Fish follows the adventures of a young pirate named Maurice Reidy. He’s not your average rogue. For one, he hates to fight, and refuses to wield a weapon of any kind. He also loves to swim; that’s how he earned his nickname. These might not seem like particularly good qualities for a pirate, or a kid trying to survive on a ship full of buccaneers, but Fish learns to use his brain instead of his sword, and his talent for swimming saves his life more than once.

But I’m getting ahead of myself. When the story begins, young Fish is sent to work as a courier to help support his struggling family. Before long, though, he is entrusted with a mysterious package of coins. He tries to deliver them to the intended recipient – an uncommonly small man with uncommonly large eyeglasses – but before he can do so, he’s attacked by pirates. They race off with the coins and Fish has no choice but to chase them. Determined to get the coins back, he joins a strange, funny, and foul-smelling crew, embarking on an adventure that changes his life forever.

On board the pirate ship, Fish learns that the strange coins could be the key to finding a fabulous treasure. While his distaste for violence lands him in trouble more than once, he does manage to make a few friends, including a very crafty girl named Nora, an aspiring captain named Nate, and Daniel, a young man who has spent so much time on boats that he gets land-sick.

Before long, Fish also discovers that the nasty, violent first mate, Scab, may be plotting a mutiny. Fish has to recover the coins, thwart Scab, find the treasure, and save his family.

I can’t tell you how it all turns out, but young readers and critics alike have taken to the story. In addition to being a Scholastic Book Fairs bestseller, Fish has won a few awards since its release, and I’ve been having a wonderful time visiting schools and telling kids how the story came together. Plus, it’s really close to my heart. I always hated to fight when I was younger, but I loved to swim, so I really put a lot of my twelve-year-old self into this character.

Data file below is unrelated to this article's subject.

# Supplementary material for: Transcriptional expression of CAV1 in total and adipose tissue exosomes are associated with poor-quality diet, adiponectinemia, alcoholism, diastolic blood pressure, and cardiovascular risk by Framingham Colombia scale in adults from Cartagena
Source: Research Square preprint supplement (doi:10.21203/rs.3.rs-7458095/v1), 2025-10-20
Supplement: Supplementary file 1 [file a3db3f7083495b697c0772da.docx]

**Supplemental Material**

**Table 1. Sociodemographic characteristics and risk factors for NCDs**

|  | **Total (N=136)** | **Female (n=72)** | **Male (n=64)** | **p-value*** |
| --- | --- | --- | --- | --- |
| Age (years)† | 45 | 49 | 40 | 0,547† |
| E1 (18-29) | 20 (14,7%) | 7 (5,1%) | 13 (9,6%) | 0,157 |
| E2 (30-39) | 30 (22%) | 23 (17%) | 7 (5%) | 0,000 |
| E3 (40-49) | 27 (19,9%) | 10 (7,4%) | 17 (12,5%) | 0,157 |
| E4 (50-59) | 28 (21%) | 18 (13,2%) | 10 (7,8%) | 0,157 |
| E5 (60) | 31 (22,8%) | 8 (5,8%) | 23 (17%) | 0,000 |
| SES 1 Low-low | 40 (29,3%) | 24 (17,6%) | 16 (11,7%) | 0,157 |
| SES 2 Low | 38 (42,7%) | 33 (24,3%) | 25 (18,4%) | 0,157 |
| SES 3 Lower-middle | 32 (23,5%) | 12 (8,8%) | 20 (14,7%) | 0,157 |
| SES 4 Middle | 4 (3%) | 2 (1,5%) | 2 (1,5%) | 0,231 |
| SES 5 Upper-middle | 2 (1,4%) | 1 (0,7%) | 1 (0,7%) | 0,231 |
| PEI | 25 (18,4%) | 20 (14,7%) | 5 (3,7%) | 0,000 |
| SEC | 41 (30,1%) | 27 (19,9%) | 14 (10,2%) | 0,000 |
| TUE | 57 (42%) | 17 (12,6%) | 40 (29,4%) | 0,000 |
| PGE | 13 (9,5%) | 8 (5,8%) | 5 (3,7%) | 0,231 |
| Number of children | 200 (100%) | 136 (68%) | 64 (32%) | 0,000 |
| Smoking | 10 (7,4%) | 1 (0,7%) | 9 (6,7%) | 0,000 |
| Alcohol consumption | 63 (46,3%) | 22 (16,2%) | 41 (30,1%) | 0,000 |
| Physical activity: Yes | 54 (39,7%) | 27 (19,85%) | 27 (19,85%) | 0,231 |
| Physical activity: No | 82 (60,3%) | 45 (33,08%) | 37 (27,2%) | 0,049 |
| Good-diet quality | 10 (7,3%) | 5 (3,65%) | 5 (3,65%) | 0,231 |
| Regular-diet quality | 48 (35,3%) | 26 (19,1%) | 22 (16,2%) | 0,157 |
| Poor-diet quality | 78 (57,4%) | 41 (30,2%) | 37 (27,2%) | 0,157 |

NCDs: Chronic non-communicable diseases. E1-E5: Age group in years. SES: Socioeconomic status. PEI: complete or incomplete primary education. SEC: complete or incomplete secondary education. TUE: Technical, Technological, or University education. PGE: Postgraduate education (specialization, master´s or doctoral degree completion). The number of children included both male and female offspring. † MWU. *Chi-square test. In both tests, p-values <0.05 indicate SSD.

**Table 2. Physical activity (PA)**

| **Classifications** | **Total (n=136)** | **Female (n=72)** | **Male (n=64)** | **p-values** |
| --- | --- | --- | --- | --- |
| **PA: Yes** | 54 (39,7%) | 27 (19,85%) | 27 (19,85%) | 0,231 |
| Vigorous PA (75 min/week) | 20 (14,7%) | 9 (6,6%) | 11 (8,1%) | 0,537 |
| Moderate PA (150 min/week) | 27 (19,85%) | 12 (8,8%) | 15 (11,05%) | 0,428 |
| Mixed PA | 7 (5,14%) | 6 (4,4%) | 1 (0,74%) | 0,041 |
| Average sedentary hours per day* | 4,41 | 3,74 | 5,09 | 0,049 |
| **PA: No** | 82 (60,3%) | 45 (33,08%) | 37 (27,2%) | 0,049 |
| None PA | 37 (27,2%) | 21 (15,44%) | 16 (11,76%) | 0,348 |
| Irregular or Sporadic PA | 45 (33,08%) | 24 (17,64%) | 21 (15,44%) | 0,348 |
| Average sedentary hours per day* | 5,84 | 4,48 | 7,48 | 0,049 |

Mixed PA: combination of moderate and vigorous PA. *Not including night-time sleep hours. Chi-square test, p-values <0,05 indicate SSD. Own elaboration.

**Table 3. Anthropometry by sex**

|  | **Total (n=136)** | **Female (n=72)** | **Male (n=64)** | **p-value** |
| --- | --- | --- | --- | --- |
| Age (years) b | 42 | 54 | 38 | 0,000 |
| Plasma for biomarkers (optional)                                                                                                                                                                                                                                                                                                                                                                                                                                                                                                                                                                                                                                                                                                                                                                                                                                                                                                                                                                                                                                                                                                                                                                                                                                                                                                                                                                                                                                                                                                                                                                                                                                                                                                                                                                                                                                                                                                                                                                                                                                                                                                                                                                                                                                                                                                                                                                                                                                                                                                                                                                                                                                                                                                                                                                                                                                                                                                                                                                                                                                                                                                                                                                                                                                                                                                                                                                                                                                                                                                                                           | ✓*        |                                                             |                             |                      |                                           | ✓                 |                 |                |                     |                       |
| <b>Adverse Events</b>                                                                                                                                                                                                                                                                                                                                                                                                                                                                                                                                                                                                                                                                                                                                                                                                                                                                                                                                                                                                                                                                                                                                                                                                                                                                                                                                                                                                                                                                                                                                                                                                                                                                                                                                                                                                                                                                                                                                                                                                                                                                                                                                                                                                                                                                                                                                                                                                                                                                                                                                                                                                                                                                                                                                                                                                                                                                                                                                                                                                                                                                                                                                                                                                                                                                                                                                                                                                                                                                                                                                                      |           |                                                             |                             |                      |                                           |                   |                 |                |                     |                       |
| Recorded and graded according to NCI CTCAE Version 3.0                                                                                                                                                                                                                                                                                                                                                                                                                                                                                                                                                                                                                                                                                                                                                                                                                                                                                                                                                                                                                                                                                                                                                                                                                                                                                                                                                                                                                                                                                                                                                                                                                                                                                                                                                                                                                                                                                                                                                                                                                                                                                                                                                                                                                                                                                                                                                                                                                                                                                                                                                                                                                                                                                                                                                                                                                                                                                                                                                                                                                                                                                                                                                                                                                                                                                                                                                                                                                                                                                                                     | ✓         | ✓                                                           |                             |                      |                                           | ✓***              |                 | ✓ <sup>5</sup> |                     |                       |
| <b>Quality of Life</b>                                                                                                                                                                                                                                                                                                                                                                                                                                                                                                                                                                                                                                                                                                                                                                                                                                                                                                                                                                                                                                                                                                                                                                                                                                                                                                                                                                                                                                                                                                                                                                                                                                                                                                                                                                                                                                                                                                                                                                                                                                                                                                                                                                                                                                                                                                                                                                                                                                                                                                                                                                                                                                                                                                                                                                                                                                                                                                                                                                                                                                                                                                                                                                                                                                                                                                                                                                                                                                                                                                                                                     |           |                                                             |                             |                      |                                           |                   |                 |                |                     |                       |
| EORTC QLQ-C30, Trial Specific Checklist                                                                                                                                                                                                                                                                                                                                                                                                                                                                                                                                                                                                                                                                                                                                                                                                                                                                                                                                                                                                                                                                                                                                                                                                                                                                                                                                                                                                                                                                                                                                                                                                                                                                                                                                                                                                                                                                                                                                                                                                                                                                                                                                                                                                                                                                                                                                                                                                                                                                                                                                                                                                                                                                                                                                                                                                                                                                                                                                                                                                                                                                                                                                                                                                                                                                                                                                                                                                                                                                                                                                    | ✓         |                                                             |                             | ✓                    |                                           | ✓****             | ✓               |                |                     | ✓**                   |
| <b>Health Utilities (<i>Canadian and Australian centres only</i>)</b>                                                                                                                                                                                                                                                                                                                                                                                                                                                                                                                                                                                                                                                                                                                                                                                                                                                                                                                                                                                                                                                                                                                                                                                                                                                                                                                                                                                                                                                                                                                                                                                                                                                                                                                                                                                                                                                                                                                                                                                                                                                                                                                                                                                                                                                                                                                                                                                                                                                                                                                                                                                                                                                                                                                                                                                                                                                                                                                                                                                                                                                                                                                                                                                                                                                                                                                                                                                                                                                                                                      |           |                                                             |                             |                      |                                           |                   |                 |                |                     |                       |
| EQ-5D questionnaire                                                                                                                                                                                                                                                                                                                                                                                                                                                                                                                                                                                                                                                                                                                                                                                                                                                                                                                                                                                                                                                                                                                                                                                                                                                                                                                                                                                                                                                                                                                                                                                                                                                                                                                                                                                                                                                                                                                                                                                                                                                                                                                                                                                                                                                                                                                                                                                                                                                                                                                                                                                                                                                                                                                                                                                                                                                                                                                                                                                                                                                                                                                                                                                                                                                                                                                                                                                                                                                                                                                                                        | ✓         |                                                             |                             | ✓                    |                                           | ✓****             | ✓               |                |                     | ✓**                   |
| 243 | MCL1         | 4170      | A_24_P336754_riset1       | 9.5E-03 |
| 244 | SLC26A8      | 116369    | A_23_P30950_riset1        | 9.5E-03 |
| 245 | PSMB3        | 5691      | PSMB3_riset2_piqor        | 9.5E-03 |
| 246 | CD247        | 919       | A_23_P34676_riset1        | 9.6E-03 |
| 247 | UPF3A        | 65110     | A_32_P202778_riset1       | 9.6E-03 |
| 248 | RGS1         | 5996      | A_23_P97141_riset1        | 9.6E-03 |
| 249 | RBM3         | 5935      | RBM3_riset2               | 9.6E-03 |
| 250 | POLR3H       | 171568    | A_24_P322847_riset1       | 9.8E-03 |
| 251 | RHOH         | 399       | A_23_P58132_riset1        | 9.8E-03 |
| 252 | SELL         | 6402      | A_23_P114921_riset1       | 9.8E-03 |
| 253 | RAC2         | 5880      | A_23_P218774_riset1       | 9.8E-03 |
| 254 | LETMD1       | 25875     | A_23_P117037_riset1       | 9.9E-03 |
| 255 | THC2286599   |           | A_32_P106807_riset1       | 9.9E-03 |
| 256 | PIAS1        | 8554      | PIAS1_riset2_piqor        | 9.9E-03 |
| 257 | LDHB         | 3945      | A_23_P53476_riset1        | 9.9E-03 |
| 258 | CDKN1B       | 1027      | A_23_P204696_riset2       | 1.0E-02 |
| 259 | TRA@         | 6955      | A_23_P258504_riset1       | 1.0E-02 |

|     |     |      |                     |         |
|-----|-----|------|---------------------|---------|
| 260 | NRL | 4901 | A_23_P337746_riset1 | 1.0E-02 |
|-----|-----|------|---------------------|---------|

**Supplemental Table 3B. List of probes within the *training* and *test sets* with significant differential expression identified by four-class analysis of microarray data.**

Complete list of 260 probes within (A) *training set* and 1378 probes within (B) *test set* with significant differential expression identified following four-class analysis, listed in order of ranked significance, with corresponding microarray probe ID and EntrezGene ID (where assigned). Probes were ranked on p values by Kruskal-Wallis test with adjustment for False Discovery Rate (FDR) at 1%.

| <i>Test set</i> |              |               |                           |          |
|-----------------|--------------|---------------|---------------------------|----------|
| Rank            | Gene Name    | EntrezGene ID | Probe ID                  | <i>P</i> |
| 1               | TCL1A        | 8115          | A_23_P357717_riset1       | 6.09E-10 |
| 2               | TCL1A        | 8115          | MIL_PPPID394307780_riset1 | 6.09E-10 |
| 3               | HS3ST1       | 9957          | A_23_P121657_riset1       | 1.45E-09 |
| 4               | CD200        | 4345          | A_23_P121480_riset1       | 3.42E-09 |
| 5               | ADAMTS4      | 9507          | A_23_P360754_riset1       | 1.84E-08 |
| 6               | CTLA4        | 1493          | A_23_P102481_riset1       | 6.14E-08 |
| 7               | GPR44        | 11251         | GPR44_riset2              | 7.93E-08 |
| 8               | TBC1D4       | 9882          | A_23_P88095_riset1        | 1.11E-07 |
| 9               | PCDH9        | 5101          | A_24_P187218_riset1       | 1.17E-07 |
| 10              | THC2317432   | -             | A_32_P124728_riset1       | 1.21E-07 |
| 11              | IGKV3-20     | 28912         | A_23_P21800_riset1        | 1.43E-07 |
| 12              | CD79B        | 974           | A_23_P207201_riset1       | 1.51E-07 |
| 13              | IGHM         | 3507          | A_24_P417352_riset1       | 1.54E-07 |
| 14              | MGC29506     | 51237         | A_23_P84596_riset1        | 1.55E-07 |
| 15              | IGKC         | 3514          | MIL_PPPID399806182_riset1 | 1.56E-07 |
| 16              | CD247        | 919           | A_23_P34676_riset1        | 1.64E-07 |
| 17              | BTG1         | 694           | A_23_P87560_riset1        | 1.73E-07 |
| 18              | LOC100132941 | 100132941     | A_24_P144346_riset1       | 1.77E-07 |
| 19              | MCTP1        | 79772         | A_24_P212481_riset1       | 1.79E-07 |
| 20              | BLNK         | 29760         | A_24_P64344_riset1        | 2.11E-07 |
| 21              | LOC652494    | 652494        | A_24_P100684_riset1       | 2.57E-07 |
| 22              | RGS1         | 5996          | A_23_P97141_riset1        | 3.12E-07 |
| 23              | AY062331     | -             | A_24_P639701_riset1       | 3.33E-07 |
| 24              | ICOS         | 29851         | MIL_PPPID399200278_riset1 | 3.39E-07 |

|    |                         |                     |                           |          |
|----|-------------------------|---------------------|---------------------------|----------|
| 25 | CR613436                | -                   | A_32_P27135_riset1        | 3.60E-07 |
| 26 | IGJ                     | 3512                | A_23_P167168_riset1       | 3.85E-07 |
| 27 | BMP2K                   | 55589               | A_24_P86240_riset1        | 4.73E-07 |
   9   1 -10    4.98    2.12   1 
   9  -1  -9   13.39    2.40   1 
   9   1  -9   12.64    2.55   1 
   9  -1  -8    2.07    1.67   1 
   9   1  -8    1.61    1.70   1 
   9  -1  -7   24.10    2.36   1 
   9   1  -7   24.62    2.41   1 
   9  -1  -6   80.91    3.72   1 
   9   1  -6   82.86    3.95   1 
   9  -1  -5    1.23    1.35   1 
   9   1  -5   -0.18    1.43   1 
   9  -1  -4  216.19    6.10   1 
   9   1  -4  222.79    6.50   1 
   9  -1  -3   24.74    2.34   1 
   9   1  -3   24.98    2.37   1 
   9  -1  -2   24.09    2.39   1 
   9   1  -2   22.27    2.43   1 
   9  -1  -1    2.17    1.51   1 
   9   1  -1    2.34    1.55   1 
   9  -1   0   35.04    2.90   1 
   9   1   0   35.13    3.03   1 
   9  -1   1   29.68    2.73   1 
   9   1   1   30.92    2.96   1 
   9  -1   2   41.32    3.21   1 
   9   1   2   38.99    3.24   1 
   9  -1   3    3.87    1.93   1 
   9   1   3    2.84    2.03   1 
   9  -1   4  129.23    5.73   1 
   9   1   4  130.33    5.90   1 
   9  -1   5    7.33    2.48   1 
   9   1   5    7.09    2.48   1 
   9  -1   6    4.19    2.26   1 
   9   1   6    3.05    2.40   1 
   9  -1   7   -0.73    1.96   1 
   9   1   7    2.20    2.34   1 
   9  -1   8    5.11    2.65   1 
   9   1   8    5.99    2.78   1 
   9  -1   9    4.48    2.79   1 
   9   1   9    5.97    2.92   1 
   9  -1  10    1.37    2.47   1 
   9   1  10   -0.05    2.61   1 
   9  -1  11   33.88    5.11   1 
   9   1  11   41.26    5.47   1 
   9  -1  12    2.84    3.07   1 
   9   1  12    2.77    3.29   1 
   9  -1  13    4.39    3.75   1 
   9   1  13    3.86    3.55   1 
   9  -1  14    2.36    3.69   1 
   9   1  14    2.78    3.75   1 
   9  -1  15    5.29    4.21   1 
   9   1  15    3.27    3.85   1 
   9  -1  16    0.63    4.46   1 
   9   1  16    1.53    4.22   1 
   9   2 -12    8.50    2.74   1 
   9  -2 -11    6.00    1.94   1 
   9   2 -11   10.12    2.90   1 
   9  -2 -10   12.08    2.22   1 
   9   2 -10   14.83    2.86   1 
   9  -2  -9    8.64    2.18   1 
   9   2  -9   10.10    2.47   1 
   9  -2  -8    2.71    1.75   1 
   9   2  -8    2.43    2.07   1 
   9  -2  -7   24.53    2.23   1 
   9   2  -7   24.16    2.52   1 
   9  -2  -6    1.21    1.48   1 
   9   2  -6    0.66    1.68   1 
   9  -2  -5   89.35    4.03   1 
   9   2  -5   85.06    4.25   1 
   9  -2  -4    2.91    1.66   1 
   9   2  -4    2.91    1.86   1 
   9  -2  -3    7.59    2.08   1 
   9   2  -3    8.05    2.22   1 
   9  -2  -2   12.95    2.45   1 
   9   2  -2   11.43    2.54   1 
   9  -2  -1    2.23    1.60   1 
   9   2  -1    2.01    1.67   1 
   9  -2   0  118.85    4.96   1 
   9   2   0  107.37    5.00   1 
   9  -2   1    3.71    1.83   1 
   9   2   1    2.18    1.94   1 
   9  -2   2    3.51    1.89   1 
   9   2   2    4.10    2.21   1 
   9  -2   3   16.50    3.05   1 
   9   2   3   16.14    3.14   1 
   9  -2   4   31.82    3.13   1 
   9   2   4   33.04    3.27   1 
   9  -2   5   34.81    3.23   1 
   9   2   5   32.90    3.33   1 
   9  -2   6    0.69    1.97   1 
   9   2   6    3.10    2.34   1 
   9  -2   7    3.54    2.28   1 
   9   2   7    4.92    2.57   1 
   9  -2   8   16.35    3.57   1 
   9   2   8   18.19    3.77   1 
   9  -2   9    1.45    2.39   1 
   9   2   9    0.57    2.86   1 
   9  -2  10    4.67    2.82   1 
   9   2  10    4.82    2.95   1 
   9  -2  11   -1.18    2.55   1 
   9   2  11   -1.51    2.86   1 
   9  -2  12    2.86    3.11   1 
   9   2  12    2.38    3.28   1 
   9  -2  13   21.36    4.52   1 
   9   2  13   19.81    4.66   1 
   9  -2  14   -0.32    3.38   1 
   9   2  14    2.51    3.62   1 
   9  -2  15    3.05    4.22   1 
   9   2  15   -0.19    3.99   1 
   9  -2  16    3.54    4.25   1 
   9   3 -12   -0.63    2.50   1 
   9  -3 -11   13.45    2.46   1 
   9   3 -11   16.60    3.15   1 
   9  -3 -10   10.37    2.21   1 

Readers keep asking me this, so I should also say that I do have a few more Fish adventures in mind. Please keep sharing ideas of your own!

If you’d like to buy a copy, check out your local independent bookstore, Barnes & Noble, or Amazon. But don’t feel pressured or anything. You could also check it out at your library. The book is also available in electronic format through Scholastic’s Storia app.

24 thoughts on “fish

    1. Not a commercial one, but I was in a school last year and they had access to an audio version…I don’t remember the service, but the reader had a really nice British accent. I’ll try to dig around.

  1. I love Fish! I have read it aloud to my 4th grade classes for the last few years. My students love the characters! I love how they are each developed. It is so much fun watching my students’ wheels spin as they figure out the mystery. Can’t wait for the next book!

  2. Thank you for the live reading today. I’ll stay tuned. My students are watching too. I tried to get the other two fourth grade classes to watch but the technical difficulties may have interfered. I was able to quickly redirect my class parents but not the other two. I’ll get word to them before tomorrow.

    1. Thank you! My apologies for the technical problems. I’m going to do it the same way tomorrow…just start a stream on my channel at 2 PM EST. Let me know if your kids have any questions.

  3. Was the boy who beat up Fish from the pirate ship? Why did you decide to make Uncle Gerry grunt all the time? How did you come up with the idea of Fish learning how to swim by almost drowning? Did something like this happen to you?
    Marley Cummins
    Grade 3

  4. Fish is Sage’s “FAVORITE BOOK EVER!!” She was so happy to see you reading it on a Live Stream.

  5. Great job today Mr.Mone!Why did you make Nate like Nora.Most of all why was it Danial and Nate sleep fighting.Have an awesome day Mr.Mone !!

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